Being active in Public Life improves our mental health & makes the Resurrection a frequent event in life
For good emotional health, everyone needs a spiritual framework to deal with the big questions: Who am I? What’s the point of life? Where am I going? How do I make sense of suffering?
For Christians, we have our Faith in God, through the life of Jesus Christ. Our Faith, with our religious community, helps us deal with the pain we pick up through life. It helps us keep a good perspective and leads to healing if we are honest enough.
The events of Holy Thursday, Good Friday, Holy Saturday and Easter Sunday, remind us every year that, with Faith and good works, we can overcome all obstacles, and leave the past behind. We know Jesus Christ left all bitterness behind, because there is no room in Heaven for anger.
In our modern world today, people who believe in religion are reducing. But many come over Easter and are reminded that we have a reason to Hope.
The good news is that Heaven begins here on earth, and not just when we die. But, when we are surrounded by war in Ukraine and Myanmar, suffering and corruption in many parts of Africa, how can we experience Heaven on earth?
The answer is: we have to create it. God and us are like a parent with a child. A parent cannot walk for the child: the child must struggle, fail and try until they succeed. The parents give love, encouragement and food until they can walk.
The same for us: God helps us, but we have to do the hard work to create Heaven on earth. The events of Easter remind us of the need for sacrifice & patience before resurrections happen.
Now, if Heaven begins on earth, why do so many people have mental health problems? Research shows us a direct link between mental health issues and our participation in Public Life. Sitting at home and waiting for “likes” on our Facebook posts does not help us.
That means, the more we retreat into our small worlds (look after me), the more mental health issues we will have. Conversely, the more we participate in public life the less mental health issues arise. Of course, there must be a balance between duties at home and public life.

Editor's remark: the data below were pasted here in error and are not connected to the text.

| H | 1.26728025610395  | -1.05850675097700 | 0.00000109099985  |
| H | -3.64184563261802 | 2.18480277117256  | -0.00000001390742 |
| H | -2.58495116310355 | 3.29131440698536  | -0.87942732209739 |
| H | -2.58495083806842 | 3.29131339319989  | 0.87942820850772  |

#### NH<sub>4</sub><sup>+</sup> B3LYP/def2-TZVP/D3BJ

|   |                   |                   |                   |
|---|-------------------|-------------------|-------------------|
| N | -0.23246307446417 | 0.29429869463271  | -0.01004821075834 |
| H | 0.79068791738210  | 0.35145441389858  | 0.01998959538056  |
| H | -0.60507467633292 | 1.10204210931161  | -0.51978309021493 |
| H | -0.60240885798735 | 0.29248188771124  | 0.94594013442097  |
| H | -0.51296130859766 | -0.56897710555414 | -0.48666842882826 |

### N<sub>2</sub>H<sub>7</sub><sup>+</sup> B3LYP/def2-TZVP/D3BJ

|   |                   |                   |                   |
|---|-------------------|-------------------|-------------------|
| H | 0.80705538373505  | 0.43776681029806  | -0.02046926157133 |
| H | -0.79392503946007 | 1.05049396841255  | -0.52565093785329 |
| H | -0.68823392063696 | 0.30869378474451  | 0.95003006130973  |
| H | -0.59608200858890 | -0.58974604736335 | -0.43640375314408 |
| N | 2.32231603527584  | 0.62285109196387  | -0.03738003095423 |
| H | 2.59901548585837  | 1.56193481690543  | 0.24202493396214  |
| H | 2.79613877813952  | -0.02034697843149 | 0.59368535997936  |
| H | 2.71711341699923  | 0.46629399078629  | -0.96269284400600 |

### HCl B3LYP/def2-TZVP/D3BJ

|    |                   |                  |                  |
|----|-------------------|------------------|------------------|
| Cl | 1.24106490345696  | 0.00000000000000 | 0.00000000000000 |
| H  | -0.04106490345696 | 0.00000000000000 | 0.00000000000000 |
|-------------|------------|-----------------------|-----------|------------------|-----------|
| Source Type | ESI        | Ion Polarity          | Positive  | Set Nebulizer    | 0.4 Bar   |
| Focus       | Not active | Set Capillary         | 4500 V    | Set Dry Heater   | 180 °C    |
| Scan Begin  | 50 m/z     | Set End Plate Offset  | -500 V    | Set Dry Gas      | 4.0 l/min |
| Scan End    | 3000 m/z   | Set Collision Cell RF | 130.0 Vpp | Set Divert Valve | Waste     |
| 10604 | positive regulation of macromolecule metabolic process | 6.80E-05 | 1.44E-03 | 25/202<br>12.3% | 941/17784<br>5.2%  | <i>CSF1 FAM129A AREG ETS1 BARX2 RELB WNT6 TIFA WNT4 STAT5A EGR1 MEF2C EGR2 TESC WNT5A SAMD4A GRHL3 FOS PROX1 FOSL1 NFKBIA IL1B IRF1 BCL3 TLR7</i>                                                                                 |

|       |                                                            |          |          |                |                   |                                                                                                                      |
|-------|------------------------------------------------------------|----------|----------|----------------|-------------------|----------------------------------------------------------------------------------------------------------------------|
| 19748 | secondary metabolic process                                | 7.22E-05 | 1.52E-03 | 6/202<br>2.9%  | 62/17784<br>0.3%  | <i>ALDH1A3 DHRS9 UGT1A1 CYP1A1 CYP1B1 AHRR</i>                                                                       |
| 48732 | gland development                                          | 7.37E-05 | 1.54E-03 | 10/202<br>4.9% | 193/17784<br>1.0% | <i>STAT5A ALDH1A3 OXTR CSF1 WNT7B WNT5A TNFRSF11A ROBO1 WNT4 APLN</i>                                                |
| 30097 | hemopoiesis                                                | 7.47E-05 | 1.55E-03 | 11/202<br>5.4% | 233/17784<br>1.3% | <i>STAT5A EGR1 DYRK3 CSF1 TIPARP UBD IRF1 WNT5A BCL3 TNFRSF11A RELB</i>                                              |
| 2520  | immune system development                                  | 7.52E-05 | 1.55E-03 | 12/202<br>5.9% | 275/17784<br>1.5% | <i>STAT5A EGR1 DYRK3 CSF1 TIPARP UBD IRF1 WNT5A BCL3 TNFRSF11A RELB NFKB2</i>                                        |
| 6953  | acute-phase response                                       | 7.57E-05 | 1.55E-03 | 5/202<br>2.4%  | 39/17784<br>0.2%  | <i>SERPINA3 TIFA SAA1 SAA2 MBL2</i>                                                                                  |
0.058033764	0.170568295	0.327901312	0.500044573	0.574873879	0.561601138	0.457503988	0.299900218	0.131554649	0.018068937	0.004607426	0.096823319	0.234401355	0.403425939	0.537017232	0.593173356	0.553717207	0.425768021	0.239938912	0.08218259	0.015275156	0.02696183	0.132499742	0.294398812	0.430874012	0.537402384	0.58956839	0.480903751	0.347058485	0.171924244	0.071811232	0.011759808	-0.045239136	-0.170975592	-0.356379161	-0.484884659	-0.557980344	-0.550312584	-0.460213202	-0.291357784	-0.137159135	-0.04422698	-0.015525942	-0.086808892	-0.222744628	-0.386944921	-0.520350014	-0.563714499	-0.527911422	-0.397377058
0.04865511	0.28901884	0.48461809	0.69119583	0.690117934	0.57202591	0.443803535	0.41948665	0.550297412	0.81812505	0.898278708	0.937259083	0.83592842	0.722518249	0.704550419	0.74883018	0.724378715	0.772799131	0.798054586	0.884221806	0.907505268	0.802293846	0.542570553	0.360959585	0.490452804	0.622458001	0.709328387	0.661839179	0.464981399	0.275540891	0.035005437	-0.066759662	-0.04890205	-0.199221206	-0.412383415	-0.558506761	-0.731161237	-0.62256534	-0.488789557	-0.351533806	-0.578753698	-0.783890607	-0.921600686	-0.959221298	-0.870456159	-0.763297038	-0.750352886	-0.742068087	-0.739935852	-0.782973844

So, how do we participate in Public Life? Through volunteering (fire, food kitchens, etc.), local community meetings (street celebrations, neighbourhood watch), school parent meetings and activities (make school better for kids), and especially through Church.
Why especially through Church? Because our Catholic Church, in particular, participates in multiple areas of public life:
1) community life – drawing us outside of our private worlds;
2) listen to & encourage each other – learning new ways of addressing challenges;
3) building friendships supporting us in the good and bad times;
4) building schools – and helping the next generation;
5) reaching out to help others in need (collections, visits to the elderly, etc.); and
6) contribute as a collective, to political debate and public policies;
7) helping special groups form to focus on community needs – eg. homeless people.
On top of all those good things, our Church life helps us in our inner minds and hearts: our Faith, and the Readings we hear each week, help correct the direction of our lives.
Our Faith helps us deal with the emotional need to BELONG: families come and go, school comes and goes, but God never leaves us through the Church which goes on and on.
And, at the end of our lives, our Faith helps us when our loved ones pass on to eternal life. The Resurrection of Christ confirms our Hope that we will be reunited with them.
All of us need a large portion of our lives to be in Public Life: raising the family, being part of the local community and schools, and contributing to public debate. If we don’t, we’ll lose Hope in the future and become one of those who say: “the world is going to the dogs!”
At different times of our lives, for various reasons, we may lose faith in the Church, but let’s pray that we never lose the discipline to be active in Public Life. At times we may feel tired, but let’s be inspired by people like Nick Vujicic, the man with no arms or legs who spends his life encouraging school students and many others.
May peace be with you and help you be free of your pain.
By Gerard Conlan, OMI